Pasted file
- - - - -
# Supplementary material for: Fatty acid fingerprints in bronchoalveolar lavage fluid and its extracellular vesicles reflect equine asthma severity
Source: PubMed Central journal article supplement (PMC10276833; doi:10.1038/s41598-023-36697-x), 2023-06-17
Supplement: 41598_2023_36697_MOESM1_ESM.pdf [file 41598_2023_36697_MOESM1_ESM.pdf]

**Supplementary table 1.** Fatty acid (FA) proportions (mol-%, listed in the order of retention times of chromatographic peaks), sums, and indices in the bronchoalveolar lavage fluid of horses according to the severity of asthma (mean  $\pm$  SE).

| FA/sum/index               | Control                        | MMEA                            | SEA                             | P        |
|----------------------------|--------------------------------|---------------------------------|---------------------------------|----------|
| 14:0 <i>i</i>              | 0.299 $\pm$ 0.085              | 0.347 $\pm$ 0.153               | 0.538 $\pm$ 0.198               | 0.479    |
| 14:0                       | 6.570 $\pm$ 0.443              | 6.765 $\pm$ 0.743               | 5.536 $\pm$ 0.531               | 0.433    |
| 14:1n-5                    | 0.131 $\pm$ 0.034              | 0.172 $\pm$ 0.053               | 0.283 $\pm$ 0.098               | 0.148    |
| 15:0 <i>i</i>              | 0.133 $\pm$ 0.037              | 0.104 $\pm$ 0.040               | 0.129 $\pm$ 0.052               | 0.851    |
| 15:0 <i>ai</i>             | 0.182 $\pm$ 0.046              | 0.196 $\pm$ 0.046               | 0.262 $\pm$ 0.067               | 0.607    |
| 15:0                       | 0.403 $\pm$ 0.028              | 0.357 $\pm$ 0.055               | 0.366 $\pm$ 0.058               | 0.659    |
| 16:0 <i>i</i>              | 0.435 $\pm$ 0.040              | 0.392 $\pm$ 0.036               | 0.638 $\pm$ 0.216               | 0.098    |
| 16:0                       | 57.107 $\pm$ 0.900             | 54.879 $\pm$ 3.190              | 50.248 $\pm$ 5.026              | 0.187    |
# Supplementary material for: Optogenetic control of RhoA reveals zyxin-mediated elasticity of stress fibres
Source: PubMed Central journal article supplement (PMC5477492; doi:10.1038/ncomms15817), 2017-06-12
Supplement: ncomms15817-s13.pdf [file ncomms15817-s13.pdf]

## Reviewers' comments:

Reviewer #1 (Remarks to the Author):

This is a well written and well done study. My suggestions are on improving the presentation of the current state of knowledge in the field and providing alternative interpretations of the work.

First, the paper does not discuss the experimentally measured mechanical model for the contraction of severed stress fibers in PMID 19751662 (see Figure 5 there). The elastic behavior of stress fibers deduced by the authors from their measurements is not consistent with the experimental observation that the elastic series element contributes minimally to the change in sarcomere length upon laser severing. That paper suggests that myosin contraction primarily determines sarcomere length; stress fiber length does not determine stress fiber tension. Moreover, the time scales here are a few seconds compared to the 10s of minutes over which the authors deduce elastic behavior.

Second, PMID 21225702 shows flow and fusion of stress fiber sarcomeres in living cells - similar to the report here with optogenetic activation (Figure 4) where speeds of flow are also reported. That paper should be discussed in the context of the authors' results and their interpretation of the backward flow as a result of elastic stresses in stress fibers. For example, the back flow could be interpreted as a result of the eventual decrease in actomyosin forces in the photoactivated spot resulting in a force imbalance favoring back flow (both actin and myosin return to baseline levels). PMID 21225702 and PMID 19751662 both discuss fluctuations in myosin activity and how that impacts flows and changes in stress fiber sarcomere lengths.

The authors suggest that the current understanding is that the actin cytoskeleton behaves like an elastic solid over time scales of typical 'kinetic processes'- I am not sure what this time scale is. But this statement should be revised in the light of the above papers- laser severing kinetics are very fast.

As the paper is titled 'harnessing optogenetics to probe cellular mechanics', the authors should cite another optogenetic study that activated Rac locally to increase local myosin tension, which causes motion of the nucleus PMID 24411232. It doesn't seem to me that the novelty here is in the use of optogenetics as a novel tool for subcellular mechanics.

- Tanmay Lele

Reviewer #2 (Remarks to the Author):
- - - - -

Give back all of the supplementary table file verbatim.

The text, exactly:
# Supplementary material for: Fatty acid fingerprints in bronchoalveolar lavage fluid and its extracellular vesicles reflect equine asthma severity
Source: PubMed Central journal article supplement (PMC10276833; doi:10.1038/s41598-023-36697-x), 2023-06-17
Supplement: 41598_2023_36697_MOESM1_ESM.pdf [file 41598_2023_36697_MOESM1_ESM.pdf]

**Supplementary table 1.** Fatty acid (FA) proportions (mol-%, listed in the order of retention times of chromatographic peaks), sums, and indices in the bronchoalveolar lavage fluid of horses according to the severity of asthma (mean  $\pm$  SE).

| FA/sum/index               | Control                        | MMEA                            | SEA                             | P        |
|----------------------------|--------------------------------|---------------------------------|---------------------------------|----------|
| 14:0 <i>i</i>              | 0.299 $\pm$ 0.085              | 0.347 $\pm$ 0.153               | 0.538 $\pm$ 0.198               | 0.479    |
| 14:0                       | 6.570 $\pm$ 0.443              | 6.765 $\pm$ 0.743               | 5.536 $\pm$ 0.531               | 0.433    |
| 14:1n-5                    | 0.131 $\pm$ 0.034              | 0.172 $\pm$ 0.053               | 0.283 $\pm$ 0.098               | 0.148    |
| 15:0 <i>i</i>              | 0.133 $\pm$ 0.037              | 0.104 $\pm$ 0.040               | 0.129 $\pm$ 0.052               | 0.851    |
| 15:0 <i>ai</i>             | 0.182 $\pm$ 0.046              | 0.196 $\pm$ 0.046               | 0.262 $\pm$ 0.067               | 0.607    |
| 15:0                       | 0.403 $\pm$ 0.028              | 0.357 $\pm$ 0.055               | 0.366 $\pm$ 0.058               | 0.659    |
| 16:0 <i>i</i>              | 0.435 $\pm$ 0.040              | 0.392 $\pm$ 0.036               | 0.638 $\pm$ 0.216               | 0.098    |
| 16:0                       | 57.107 $\pm$ 0.900             | 54.879 $\pm$ 3.190              | 50.248 $\pm$ 5.026              | 0.187    |
# Supplementary material for: Optogenetic control of RhoA reveals zyxin-mediated elasticity of stress fibres
Source: PubMed Central journal article supplement (PMC5477492; doi:10.1038/ncomms15817), 2017-06-12
Supplement: ncomms15817-s13.pdf [file ncomms15817-s13.pdf]

## Reviewers' comments:

Reviewer #1 (Remarks to the Author):

This is a well written and well done study. My suggestions are on improving the presentation of the current state of knowledge in the field and providing alternative interpretations of the work.

First, the paper does not discuss the experimentally measured mechanical model for the contraction of severed stress fibers in PMID 19751662 (see Figure 5 there). The elastic behavior of stress fibers deduced by the authors from their measurements is not consistent with the experimental observation that the elastic series element contributes minimally to the change in sarcomere length upon laser severing. That paper suggests that myosin contraction primarily determines sarcomere length; stress fiber length does not determine stress fiber tension. Moreover, the time scales here are a few seconds compared to the 10s of minutes over which the authors deduce elastic behavior.

Second, PMID 21225702 shows flow and fusion of stress fiber sarcomeres in living cells - similar to the report here with optogenetic activation (Figure 4) where speeds of flow are also reported. That paper should be discussed in the context of the authors' results and their interpretation of the backward flow as a result of elastic stresses in stress fibers. For example, the back flow could be interpreted as a result of the eventual decrease in actomyosin forces in the photoactivated spot resulting in a force imbalance favoring back flow (both actin and myosin return to baseline levels). PMID 21225702 and PMID 19751662 both discuss fluctuations in myosin activity and how that impacts flows and changes in stress fiber sarcomere lengths.

The authors suggest that the current understanding is that the actin cytoskeleton behaves like an elastic solid over time scales of typical 'kinetic processes'- I am not sure what this time scale is. But this statement should be revised in the light of the above papers- laser severing kinetics are very fast.

As the paper is titled 'harnessing optogenetics to probe cellular mechanics', the authors should cite another optogenetic study that activated Rac locally to increase local myosin tension, which causes motion of the nucleus PMID 24411232. It doesn't seem to me that the novelty here is in the use of optogenetics as a novel tool for subcellular mechanics.

- Tanmay Lele

Reviewer #2 (Remarks to the Author):